In my GPC article I then go on to look at instances where this shelter-seeking behaviour appears to have gone awry, bunker hunting intertwined with events of male anxiety, depression or psychosis. And here is where the films/TV programmes come in, for in them male shelter-seeking behaviour is presented as a metaphor for (and/or physical expression of) mental breakdown.
The 2011 film Take Shelter, presents a fictional study of a middle-aged man’s increasingly obsessive construction of a storm shelter for the protection of his family against a coming storm that only he receives premonitions of. The building tension of this man’s struggle with his sanity and crumbling job and family relationships is very powerfully presented. The effect is somewhat marred though by the film’s ending (I will stay vague here – if you’ve seen the film you will know what I mean).
A similar invocation of this trope (interest in shelters = signs of a male breakdown) arises in a 2004 (Series 4) episode of Six Feet Under. In the episode (helpfully titled ‘The Bomb Shelter’) an elderly man becomes increasingly obsessed with restoring and re-stocking the 1950’s atom bomb shelter in his house’s basement, much to the frustration of his increasingly concerned female partner who wishes that he would instead direct his thoughts and energies towards repairing the growing cracks in their relationship.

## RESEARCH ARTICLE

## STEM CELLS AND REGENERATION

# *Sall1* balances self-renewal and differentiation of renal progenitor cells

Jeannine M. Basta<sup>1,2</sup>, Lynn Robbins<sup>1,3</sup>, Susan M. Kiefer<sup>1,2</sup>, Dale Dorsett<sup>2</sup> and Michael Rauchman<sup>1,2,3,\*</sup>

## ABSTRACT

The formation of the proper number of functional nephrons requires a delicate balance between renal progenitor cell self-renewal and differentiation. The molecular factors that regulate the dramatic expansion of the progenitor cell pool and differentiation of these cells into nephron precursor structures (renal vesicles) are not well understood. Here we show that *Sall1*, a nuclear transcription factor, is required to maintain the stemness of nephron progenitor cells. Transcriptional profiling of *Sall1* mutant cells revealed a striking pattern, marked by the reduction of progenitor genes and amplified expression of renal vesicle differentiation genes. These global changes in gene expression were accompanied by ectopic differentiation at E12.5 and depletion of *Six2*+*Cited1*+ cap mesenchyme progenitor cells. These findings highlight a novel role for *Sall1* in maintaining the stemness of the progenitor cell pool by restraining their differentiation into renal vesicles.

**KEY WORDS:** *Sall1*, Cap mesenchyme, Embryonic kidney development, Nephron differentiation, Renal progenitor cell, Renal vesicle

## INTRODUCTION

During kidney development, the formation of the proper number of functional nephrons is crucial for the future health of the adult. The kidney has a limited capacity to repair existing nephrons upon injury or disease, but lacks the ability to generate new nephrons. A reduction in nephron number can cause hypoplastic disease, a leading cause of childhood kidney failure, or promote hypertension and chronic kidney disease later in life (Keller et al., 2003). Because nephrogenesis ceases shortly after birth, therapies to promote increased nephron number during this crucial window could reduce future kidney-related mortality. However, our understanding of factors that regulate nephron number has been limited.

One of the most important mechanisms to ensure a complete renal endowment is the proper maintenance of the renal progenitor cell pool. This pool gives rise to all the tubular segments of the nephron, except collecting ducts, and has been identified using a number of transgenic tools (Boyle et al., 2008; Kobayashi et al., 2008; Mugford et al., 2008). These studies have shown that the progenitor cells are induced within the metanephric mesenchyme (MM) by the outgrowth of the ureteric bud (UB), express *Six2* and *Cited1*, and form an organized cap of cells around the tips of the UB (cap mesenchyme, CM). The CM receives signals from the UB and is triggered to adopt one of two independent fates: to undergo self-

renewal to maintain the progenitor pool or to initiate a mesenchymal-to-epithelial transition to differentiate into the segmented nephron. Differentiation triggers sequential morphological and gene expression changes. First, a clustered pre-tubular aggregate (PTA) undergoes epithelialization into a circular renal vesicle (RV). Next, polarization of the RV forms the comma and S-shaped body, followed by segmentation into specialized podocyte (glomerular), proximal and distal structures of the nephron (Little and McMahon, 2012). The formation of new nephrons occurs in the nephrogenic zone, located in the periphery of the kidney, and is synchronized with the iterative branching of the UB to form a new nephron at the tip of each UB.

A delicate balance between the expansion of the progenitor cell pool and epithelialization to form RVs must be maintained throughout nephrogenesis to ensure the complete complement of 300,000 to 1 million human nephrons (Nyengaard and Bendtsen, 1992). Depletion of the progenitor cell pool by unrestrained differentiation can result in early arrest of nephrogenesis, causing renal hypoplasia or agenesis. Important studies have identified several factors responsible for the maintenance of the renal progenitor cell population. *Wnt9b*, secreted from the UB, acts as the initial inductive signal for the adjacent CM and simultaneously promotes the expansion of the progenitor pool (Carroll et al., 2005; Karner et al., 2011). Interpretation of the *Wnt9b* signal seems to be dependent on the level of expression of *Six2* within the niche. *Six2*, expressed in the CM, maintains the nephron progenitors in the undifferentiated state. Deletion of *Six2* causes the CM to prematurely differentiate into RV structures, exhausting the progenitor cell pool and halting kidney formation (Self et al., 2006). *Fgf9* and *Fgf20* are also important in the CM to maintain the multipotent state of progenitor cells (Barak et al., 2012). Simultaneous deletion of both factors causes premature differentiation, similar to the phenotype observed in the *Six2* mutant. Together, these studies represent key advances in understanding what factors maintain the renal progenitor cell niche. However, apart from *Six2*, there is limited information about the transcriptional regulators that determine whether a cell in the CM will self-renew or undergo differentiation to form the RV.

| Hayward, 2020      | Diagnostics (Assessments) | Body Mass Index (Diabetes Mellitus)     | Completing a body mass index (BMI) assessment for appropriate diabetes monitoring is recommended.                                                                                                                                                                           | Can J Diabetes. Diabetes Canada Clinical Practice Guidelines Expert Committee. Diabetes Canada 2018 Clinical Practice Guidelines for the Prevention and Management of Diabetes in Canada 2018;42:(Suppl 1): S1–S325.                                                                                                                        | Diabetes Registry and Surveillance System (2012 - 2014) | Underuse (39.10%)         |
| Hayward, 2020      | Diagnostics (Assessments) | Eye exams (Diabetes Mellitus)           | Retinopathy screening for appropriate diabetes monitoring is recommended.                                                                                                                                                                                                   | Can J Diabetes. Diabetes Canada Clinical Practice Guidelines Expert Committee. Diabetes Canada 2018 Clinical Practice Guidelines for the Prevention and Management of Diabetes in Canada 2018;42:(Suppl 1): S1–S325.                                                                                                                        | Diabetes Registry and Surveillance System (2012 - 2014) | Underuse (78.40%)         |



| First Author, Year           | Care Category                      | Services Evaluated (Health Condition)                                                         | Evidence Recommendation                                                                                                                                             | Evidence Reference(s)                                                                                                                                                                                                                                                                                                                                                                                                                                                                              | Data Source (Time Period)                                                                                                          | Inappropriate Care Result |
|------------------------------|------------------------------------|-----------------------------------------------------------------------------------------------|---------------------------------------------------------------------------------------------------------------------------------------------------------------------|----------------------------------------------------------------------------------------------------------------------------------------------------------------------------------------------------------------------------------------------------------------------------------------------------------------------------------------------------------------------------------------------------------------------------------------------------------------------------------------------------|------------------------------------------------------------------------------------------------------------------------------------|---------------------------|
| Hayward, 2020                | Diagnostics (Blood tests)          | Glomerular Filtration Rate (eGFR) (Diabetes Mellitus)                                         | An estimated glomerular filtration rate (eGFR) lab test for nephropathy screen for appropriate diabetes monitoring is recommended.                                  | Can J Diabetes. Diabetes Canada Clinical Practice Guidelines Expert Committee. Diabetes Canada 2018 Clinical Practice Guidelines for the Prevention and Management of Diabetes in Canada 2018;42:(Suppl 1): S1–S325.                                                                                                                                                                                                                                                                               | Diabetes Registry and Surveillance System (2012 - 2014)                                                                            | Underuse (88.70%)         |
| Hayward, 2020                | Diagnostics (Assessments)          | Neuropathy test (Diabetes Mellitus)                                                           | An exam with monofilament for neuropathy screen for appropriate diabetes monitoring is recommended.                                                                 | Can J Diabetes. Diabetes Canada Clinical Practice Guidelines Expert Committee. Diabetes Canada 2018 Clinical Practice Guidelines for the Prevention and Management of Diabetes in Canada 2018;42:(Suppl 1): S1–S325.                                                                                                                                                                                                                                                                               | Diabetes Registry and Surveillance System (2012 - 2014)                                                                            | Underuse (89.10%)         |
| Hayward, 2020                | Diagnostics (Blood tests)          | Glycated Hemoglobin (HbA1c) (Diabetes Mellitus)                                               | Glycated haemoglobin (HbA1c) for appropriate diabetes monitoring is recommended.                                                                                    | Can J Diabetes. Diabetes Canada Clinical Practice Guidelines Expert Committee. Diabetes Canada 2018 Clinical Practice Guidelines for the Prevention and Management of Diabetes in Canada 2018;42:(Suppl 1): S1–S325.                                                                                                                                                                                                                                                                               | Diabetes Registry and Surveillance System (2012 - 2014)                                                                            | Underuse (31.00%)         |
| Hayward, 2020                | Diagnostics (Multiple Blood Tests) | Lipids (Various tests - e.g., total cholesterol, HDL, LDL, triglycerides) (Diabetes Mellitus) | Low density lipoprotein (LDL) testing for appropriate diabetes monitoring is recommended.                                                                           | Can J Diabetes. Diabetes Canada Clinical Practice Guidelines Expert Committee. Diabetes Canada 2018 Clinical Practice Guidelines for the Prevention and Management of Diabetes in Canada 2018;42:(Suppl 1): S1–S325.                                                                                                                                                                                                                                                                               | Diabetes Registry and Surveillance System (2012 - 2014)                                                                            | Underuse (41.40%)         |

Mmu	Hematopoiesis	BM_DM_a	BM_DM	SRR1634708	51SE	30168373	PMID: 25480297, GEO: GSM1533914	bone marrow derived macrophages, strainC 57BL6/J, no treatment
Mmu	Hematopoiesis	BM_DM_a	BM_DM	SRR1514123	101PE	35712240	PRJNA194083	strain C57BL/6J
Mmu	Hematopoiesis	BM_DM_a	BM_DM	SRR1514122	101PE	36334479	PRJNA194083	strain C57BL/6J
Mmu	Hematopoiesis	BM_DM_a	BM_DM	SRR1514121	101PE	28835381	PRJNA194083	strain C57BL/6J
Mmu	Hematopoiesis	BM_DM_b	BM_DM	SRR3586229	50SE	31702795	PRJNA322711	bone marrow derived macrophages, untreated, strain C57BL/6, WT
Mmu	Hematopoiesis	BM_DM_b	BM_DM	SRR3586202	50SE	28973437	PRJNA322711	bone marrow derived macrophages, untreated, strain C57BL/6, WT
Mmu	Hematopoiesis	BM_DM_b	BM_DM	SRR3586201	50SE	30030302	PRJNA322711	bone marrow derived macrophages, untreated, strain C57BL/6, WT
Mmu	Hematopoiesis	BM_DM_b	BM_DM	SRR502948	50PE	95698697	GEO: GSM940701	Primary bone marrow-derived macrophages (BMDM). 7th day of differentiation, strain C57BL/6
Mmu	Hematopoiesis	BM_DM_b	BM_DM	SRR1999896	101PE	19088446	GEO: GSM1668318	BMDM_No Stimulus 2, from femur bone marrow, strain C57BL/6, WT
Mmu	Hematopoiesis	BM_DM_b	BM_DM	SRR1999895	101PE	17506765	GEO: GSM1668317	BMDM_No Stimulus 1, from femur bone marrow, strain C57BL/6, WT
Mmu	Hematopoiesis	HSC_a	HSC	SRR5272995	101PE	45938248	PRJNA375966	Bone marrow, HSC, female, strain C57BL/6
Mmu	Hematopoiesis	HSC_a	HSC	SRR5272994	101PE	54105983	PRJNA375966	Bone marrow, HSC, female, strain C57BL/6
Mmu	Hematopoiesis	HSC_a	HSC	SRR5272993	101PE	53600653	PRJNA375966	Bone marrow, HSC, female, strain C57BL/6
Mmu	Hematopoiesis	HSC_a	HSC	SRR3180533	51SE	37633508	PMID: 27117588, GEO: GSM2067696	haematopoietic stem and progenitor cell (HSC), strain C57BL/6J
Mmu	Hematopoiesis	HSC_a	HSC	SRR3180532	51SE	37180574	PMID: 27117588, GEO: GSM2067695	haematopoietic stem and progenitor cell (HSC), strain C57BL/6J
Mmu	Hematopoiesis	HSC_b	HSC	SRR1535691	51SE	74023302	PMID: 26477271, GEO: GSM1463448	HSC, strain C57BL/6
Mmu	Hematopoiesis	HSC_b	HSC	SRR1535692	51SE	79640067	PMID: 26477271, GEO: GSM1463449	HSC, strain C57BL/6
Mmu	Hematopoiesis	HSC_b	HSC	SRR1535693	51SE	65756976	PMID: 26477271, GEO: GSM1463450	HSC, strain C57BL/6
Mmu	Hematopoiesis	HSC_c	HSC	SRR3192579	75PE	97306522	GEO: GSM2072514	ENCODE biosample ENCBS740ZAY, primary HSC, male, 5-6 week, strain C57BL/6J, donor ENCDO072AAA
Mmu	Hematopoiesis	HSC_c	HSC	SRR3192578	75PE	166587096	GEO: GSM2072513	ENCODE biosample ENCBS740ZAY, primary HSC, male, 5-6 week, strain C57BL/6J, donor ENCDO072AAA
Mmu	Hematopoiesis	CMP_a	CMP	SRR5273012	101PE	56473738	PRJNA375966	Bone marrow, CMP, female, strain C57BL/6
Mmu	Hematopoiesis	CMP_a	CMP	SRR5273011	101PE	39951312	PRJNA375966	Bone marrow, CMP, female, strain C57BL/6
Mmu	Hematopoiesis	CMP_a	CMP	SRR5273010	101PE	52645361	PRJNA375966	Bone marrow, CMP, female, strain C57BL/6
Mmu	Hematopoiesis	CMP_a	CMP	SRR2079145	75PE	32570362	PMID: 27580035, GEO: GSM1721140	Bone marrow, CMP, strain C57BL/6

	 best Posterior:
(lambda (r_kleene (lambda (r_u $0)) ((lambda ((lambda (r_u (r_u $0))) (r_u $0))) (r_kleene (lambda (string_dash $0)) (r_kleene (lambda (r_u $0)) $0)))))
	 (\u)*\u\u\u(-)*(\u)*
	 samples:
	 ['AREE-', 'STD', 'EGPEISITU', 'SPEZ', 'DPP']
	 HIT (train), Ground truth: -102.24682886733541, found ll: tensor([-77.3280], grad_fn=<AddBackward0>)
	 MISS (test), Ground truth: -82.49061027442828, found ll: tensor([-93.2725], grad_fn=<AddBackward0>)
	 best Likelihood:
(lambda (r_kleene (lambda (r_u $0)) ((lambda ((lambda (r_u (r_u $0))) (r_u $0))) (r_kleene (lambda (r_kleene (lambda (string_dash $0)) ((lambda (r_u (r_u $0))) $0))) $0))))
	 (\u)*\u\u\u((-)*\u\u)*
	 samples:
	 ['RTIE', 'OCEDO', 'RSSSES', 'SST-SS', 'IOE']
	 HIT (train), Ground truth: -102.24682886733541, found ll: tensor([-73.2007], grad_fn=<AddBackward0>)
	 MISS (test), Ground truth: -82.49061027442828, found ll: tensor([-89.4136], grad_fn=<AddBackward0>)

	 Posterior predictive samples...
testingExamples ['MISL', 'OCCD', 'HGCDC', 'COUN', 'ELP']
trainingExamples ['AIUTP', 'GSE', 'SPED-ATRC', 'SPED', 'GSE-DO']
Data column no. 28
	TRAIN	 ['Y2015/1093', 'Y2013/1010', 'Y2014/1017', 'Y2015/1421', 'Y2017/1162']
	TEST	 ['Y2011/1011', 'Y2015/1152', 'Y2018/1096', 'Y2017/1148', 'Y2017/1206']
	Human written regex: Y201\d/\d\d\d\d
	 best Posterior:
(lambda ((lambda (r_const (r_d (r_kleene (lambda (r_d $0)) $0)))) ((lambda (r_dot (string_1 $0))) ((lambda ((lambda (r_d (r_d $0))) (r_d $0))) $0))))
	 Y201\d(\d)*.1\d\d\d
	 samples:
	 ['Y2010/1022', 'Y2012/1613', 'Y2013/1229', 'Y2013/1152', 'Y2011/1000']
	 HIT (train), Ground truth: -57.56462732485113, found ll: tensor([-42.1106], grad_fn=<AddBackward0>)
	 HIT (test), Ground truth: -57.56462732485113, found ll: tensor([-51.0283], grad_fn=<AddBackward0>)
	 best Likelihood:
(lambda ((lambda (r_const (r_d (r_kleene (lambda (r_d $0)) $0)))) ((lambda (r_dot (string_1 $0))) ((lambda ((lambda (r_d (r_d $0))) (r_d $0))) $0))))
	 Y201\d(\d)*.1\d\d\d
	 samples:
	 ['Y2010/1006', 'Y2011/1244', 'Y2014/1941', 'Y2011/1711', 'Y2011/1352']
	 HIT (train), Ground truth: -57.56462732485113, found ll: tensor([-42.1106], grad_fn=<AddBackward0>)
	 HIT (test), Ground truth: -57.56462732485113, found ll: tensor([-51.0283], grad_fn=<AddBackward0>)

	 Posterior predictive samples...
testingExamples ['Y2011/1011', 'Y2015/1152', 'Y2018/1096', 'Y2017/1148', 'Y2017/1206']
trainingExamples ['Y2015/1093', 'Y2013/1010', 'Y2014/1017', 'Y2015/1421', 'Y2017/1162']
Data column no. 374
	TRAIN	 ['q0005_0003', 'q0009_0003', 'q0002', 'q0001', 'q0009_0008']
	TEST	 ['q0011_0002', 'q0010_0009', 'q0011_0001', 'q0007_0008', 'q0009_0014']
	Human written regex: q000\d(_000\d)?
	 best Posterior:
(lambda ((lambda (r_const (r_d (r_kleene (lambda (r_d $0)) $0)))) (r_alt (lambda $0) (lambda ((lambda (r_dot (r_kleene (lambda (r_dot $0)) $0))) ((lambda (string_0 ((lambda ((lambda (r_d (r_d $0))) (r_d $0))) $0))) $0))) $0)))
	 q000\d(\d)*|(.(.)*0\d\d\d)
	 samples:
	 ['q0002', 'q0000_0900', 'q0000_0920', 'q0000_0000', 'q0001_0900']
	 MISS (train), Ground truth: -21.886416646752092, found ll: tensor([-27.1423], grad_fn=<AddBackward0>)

But I’ve left the bleakest occurrence of bunker-love until last. In The Road (2009) the wandering father and son are delighted to stumble upon a vacant domestic shelter, stocked with survival rations and the home comforts that they have been denied whilst they roamed the post-apocalyptic ruinscape. Yet, their short sojourn in this longed for sanctury tells us something of the betrayal of the shelter, its weakness and vulnerability. After a sumptuous (tinned) meal, the father and son settle down to sleep in their protective underground capsule. But soon their slumbers are disturbed by sounds at ground level above. Someone (or something) is up there. It quickly dawns on these denizens that this shelter could easily become their tomb were they to become barricaded in (a duality that is also invoked at a point in Take Shelter). The next morning they quickly flee the bunker and return to the road.
They, and we, are left with the realisation that it is actually the open (and the ability to keep moving) rather than spaces of confinement that provide the best prospects for survival. Shelter is not always safety.
Gender, Place & Culture pp. 1-17 | DOI: 10.1080/0966369X.2012.701197 (free access via http://www.tandfonline.com/eprint/urKfA4GJ8erFGDzVkjfc/full)